Prospects Of Platinum & Palladium In 2013 And Beyond

Platinum and palladium became very hot in 2013.  The prices have gone much higher in the past couple of weeks, to the extent that they are really catching the attention on a global basis. Interestingly, this happens at a time when gold and silver are trading lower. The sentiment in the gold and silver versus platinum and palladium is reaching extremes, as shown in the latest sentimenTrader.com indicator:

gold_silver_platinum_palladium_sentiment_February_2013

David Smith from The Morgan Report said in a recent interview: “Platinum and palladium often start a move before gold and silver.” He continues: “I look at platinum and palladium as an early indication of what gold and silver will do when they break out.”

Although platinum and palladium look overheated and a temporary correction is due, the expectations of both metals are great. Compared to gold and silver, the two less shiny metals are far more subject to supply and demand. They have their own drivers and dynamics which have been summarized by Minyanville:

Platinum is called a precious metal, but it is really an industrial material. Just 8% of world production is used for speculation, according to market authority Johnson Matthey. Jewelry accounts for 29%, and the remaining 63% is devoured by manufacturing. More than half of that is consumed by auto manufacturers who use platinum and its rarer sister palladium to build catalytic converters. So the platinum market runs on pretty transparent fundamentals. If you want to judge where demand is heading, look at car sales, and Chinese car sales in particular. It happens that Chinese car sales have been kicking butt for the past six months after a lackluster previous two years. Unit purchases in the No. 2 economy jumped fully 50% between July and December, then climbed another 9% in January, according to China Daily.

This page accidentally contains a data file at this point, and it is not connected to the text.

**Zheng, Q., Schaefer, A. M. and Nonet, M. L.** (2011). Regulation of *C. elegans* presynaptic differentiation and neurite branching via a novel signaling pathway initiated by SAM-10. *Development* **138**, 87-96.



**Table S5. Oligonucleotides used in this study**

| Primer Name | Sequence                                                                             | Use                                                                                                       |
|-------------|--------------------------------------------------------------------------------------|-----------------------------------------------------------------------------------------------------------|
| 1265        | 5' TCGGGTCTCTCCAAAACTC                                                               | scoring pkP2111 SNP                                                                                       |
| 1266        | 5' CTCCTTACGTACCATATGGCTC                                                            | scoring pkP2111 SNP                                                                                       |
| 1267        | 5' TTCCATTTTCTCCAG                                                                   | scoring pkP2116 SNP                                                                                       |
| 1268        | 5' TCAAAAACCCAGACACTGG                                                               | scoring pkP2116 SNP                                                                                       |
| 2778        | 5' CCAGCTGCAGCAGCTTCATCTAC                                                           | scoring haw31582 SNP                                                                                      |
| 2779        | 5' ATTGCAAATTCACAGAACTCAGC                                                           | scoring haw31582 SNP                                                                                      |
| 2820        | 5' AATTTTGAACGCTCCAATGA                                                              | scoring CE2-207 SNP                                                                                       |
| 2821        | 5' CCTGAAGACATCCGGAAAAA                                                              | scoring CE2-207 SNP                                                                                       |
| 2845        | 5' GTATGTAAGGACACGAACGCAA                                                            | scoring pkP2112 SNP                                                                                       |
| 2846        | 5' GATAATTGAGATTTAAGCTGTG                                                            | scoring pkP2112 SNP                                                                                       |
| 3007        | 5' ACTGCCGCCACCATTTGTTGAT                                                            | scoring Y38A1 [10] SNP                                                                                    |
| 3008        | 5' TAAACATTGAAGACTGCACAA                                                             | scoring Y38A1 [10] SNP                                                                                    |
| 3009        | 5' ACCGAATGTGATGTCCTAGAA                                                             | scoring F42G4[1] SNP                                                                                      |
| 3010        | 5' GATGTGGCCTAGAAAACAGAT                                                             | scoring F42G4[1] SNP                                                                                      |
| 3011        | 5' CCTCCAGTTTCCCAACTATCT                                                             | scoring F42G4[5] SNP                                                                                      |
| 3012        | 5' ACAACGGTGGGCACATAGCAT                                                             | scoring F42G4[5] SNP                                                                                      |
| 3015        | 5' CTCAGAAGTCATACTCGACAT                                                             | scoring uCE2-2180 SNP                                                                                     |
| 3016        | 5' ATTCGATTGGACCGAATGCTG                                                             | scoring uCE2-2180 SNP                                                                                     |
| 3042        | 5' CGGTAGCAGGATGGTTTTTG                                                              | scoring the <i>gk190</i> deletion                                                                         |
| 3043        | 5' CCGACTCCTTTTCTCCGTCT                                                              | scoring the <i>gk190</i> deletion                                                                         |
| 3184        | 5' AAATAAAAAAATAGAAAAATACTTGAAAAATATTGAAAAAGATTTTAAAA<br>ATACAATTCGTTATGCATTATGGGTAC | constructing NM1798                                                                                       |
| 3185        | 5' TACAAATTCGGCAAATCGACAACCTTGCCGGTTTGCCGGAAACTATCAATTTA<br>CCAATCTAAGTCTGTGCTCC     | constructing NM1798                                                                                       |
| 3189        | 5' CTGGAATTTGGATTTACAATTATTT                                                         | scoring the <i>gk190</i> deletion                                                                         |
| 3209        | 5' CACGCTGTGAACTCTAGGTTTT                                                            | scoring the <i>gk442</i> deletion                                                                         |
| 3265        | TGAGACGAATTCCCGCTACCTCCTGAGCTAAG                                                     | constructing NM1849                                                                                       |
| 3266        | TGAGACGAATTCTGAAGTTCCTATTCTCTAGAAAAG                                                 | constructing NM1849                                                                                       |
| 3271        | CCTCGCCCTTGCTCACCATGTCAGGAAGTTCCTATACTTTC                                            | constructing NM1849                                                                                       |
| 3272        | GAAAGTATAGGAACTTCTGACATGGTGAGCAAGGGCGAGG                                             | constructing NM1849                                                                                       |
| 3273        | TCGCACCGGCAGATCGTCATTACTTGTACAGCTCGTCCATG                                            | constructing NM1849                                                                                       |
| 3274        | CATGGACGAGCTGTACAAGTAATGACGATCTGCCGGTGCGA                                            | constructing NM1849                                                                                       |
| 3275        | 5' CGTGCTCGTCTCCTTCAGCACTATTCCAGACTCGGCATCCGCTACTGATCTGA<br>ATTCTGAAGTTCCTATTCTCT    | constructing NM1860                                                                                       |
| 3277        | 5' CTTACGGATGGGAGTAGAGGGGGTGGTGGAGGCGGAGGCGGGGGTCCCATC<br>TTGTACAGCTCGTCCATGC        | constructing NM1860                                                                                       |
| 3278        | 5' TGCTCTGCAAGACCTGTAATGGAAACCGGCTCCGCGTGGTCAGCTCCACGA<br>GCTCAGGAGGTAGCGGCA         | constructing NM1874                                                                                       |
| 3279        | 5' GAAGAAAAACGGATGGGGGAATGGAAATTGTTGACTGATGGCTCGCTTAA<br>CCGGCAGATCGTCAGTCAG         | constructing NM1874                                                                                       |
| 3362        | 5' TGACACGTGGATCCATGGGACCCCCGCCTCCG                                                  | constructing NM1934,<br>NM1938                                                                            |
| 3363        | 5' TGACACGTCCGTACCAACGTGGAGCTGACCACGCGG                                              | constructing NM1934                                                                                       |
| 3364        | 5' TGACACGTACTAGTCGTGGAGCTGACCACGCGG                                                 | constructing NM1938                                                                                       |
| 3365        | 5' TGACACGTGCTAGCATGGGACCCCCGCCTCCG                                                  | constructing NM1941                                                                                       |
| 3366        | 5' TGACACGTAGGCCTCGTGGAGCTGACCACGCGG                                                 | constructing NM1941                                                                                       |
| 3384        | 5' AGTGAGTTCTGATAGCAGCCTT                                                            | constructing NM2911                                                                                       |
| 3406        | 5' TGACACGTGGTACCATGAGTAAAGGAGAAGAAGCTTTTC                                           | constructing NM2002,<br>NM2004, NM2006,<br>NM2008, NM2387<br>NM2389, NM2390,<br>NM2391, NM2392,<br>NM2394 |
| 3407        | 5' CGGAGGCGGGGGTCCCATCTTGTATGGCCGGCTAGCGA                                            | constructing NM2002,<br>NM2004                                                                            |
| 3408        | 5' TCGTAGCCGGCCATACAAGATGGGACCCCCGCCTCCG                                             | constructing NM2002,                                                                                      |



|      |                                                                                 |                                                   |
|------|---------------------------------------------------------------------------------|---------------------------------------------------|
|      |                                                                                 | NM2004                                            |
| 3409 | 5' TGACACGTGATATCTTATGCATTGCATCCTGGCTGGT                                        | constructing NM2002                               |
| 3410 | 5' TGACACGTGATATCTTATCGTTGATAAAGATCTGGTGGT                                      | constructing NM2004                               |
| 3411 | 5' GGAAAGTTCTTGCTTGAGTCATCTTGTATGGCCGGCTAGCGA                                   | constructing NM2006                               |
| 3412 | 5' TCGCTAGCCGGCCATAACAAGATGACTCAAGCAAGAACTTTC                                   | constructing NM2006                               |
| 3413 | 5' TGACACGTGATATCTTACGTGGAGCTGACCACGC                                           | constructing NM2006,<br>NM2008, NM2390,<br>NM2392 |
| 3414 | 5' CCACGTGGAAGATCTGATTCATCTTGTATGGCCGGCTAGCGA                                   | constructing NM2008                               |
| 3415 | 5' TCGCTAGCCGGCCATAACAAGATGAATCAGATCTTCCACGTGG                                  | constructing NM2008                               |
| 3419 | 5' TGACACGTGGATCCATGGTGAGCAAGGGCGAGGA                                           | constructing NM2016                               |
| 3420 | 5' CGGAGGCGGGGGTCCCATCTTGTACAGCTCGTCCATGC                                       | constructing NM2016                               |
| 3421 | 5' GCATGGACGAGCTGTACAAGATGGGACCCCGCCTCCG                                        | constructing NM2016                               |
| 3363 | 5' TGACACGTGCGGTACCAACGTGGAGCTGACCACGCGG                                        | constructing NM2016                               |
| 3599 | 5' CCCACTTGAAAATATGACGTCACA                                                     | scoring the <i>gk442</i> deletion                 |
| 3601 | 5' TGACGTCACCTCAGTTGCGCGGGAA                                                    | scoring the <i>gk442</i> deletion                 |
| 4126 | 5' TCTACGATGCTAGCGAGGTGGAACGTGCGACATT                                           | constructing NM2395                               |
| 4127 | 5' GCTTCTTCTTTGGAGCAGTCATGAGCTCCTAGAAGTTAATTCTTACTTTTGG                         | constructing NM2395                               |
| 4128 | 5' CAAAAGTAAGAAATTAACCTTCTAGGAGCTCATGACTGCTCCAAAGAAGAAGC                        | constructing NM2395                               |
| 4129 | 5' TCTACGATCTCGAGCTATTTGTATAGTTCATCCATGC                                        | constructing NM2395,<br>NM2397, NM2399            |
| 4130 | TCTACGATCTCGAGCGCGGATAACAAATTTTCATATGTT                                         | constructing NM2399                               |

Platinum supply is still easier to understand than demand. It all depends, more or less, on South Africa, which accounts for three-quarters of the world’s output. You may have heard that South African platinum mines experienced a wave of wildcat strikes last year, some of which escalated into fatal confrontations between miners and police.

A much more detailed analysis of the supply and demand situation was provided by Sprott in their latest market commentary Platinum & Palladium’s Breakout Year (must read for in-depth insights). From their summary:

Our interest in the space was ignited by a client’s request to assess investment opportunities in the debt and equity of Platinum Group Metal (PGM) mining companies – an exercise that came up almost completely dry. As long-time resource equity investors, we are familiar with the mining industry’s supply/demand cyclicality and the impact it has on commodity prices. Looking more closely at the PGM miners, the platinum and palladium industry reminds us of the uranium industry back in 2003. […] Platinum and palladium exposure appears to be best gained through the metals themselves… hence the launch of the Sprott Physical Platinum & Palladium Trust this past December (NYSE Arca: SPPP, TSX: PPT.U).

We highly recommend to keep a very close eye on platinum and palladium, in 2013 and beyond. For additional recommended readings:

Sprott: Platinum & Palladium’s Breakout Year
David Smith from The Morgan Report: Keep your Sights on Platinum and Palladium

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